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Washington Journal: After Impeachment, What Happens Now?

  • Kevin Foley



Washington, 20 December 1998 (RFE/RL) - The trial of a U.S. president by the Senate of the United States has been described as being as solemn as a papal conclave and as serious as a declaration of war.

The U.S. Constitution grants the sole power of impeachment to the U.S. House of Representatives. Impeachment, however, does not mean automatic removal, and the Constitution requires a trial that may only be conducted in the Senate.

The House approved articles of impeachment against President Bill Clinton on Saturday. His fate is now in the hands of the 100 members of the Senate.

Unlike the House -- which often seems to make up rules of procedure as it moves along -- the Senate follows a strict regime. The manner of conducting a trial on impeachment charges is set down in precise language that is to be followed to the letter.

The trial must begin one day after the Senate formally receives the articles of impeachment from the House. Congressional leaders have said they expect that to happen within a week of the convening of the new congress on Jan. 6.

The rules state that the trial must begin at 1300 (1900 Prague time). Senators must meet for the trial at that time each day, except Sunday, until a judgment is rendered.

The 100 members of the Senate will serve as the jury. The trial is presided over by the Chief Justice of the U.S. Supreme Court, William Rehnquist. The House of Representatives chooses what it calls managers -- or prosecutors -- who will present the case against Clinton.

House Judiciary Committee Chairman Henry Hyde, a Republican from the midwestern state of Illinois, most likely will be chosen to manage the trial. Clinton has the right to be represented by a lawyer of his choice. Clinton does not have to be present during the trial.

There is speculation that Clinton will be defended by former U.S. Senator George Mitchell. Mitchell was formerly the leader of the Democratic majority in the Senate. Most recently, he served as Clinton's special envoy and helped draft a peace agreement for Protestants and Roman Catholics in Northern Ireland.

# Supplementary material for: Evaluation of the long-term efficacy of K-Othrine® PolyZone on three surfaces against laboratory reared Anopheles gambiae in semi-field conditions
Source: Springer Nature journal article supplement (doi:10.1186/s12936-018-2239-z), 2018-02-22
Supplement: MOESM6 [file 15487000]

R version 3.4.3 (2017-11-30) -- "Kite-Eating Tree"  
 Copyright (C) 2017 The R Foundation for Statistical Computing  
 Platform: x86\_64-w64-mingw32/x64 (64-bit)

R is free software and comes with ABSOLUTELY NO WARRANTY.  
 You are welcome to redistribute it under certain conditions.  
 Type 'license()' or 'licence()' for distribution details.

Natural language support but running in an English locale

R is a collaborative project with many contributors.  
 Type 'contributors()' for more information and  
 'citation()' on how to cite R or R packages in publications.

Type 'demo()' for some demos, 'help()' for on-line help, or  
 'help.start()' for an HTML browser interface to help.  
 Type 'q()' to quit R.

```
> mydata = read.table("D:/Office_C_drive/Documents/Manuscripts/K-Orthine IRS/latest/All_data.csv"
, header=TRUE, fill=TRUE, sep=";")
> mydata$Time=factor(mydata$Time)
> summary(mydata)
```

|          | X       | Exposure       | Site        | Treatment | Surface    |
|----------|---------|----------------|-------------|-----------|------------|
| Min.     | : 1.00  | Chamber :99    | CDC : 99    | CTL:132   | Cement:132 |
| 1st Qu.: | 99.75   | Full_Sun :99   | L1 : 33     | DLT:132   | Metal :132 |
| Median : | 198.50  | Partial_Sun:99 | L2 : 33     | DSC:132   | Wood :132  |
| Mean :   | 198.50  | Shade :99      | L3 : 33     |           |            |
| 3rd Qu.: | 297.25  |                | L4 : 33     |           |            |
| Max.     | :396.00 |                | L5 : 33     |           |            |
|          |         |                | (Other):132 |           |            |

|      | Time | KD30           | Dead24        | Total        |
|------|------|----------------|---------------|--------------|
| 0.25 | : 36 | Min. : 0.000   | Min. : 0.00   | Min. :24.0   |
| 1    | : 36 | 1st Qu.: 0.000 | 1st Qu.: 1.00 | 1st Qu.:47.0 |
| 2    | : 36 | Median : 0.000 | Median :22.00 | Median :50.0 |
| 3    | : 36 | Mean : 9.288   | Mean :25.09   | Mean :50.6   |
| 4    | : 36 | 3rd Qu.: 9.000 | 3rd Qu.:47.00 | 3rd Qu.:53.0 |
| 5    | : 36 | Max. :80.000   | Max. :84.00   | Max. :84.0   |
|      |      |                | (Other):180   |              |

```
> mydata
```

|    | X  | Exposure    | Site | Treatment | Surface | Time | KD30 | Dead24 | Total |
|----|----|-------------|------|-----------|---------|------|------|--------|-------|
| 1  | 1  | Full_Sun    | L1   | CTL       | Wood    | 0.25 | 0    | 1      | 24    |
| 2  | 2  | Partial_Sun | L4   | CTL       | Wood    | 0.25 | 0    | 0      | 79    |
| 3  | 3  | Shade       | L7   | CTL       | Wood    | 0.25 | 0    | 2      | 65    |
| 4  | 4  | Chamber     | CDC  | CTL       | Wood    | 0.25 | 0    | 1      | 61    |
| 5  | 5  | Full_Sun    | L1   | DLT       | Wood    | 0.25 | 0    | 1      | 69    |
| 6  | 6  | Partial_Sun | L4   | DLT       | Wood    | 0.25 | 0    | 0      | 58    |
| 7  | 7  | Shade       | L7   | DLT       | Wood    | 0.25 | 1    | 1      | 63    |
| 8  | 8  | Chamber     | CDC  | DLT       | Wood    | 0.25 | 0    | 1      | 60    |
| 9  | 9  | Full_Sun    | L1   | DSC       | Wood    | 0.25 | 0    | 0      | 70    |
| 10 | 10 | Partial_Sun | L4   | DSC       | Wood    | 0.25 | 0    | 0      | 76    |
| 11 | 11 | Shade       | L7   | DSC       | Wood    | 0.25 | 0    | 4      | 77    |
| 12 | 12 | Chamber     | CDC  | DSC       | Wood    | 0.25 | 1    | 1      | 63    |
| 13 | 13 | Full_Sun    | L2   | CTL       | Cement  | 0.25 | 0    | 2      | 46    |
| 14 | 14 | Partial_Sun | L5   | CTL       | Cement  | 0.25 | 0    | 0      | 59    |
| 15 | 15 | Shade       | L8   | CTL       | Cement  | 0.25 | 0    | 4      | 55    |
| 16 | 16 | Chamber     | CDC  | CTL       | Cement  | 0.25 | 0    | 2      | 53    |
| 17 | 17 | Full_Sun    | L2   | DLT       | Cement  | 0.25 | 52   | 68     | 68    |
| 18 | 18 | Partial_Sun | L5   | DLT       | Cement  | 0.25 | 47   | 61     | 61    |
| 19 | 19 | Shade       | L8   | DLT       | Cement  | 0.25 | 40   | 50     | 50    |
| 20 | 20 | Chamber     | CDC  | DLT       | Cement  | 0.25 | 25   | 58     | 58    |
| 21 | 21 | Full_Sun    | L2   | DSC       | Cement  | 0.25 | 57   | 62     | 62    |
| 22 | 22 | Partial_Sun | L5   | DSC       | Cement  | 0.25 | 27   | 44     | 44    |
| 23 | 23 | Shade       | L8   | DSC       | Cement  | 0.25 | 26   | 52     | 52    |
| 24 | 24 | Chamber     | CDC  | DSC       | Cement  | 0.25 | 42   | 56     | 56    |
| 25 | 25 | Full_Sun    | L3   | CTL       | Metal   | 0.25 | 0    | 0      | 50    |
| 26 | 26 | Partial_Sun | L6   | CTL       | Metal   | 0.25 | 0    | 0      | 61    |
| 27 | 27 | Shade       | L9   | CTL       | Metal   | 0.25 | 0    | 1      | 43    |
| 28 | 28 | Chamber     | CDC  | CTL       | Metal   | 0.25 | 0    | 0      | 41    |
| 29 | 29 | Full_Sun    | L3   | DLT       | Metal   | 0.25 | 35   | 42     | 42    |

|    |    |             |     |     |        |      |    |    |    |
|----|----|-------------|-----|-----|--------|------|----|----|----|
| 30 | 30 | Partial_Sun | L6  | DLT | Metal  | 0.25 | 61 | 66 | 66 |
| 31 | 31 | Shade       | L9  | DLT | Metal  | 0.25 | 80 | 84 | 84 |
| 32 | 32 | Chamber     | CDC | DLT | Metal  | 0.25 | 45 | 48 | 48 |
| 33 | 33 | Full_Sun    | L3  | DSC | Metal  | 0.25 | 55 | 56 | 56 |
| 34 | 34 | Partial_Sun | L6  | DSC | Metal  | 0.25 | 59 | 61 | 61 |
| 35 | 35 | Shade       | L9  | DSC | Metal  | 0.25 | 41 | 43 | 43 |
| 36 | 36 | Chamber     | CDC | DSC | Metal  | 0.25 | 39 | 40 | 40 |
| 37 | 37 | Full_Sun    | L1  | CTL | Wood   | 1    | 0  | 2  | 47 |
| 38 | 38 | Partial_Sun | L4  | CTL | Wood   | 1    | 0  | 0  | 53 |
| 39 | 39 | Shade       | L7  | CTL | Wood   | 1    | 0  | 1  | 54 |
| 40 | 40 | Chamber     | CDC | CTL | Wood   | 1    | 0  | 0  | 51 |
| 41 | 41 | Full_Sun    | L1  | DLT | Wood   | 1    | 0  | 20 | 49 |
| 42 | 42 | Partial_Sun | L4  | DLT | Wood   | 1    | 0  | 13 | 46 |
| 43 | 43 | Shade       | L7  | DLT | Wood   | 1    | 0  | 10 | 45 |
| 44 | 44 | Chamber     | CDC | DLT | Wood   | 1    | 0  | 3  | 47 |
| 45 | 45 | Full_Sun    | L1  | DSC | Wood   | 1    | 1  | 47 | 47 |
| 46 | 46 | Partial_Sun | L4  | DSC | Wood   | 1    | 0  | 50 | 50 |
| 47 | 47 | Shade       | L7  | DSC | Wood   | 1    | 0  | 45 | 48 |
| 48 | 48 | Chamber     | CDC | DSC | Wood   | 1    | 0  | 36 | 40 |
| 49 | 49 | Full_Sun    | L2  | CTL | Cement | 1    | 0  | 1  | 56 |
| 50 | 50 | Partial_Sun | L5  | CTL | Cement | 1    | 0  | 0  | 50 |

During the trial, Senators must remain in their seats. They may not speak, and if they have questions, they must submit them in writing to Chief Justice Rehnquist.

The only exception to this rule permits a senator to offer a motion at any time to adjourn the trial permanently. Approval of such a motion requires only a simple majority and it would have the effect of ending the trial.

However, a number of influential senators have been quoted as saying that an adjournment motion is not likely to be made because most senators believe the impeachment proceedings must be allowed to run their course.

The trial has to be conducted in public. At its conclusion, every senator is required to stand and publicly announce a vote of guilty or not guilty. A two-thirds majority is required for conviction.

There is no appeal, and conviction, say some constitutional scholars, means removal from office. Some experts, however, believe that a separate vote would be required to remove the president.

The U.S. Congress has existed since 1789. Only once in its history has the Senate placed a president on trial. In 1868, President Andrew Johnson escaped conviction by a single vote. In 1974, articles of impeachment were prepared against President Richard Nixon, but he resigned before the full House began an impeachment debate.

Clinton's trial will be unique. Andrew Johnson had been vice president and succeeded to the presidency following the assassination of President Abraham Lincoln in April 1865.

Clinton would be the only elected president to stand trial. So far, no one is predicting a conviction. If that were to happen, though, Clinton would be succeeded for the remainder of his term by Vice President Al Gore. Clinton's term expires on Jan. 20, 2001.
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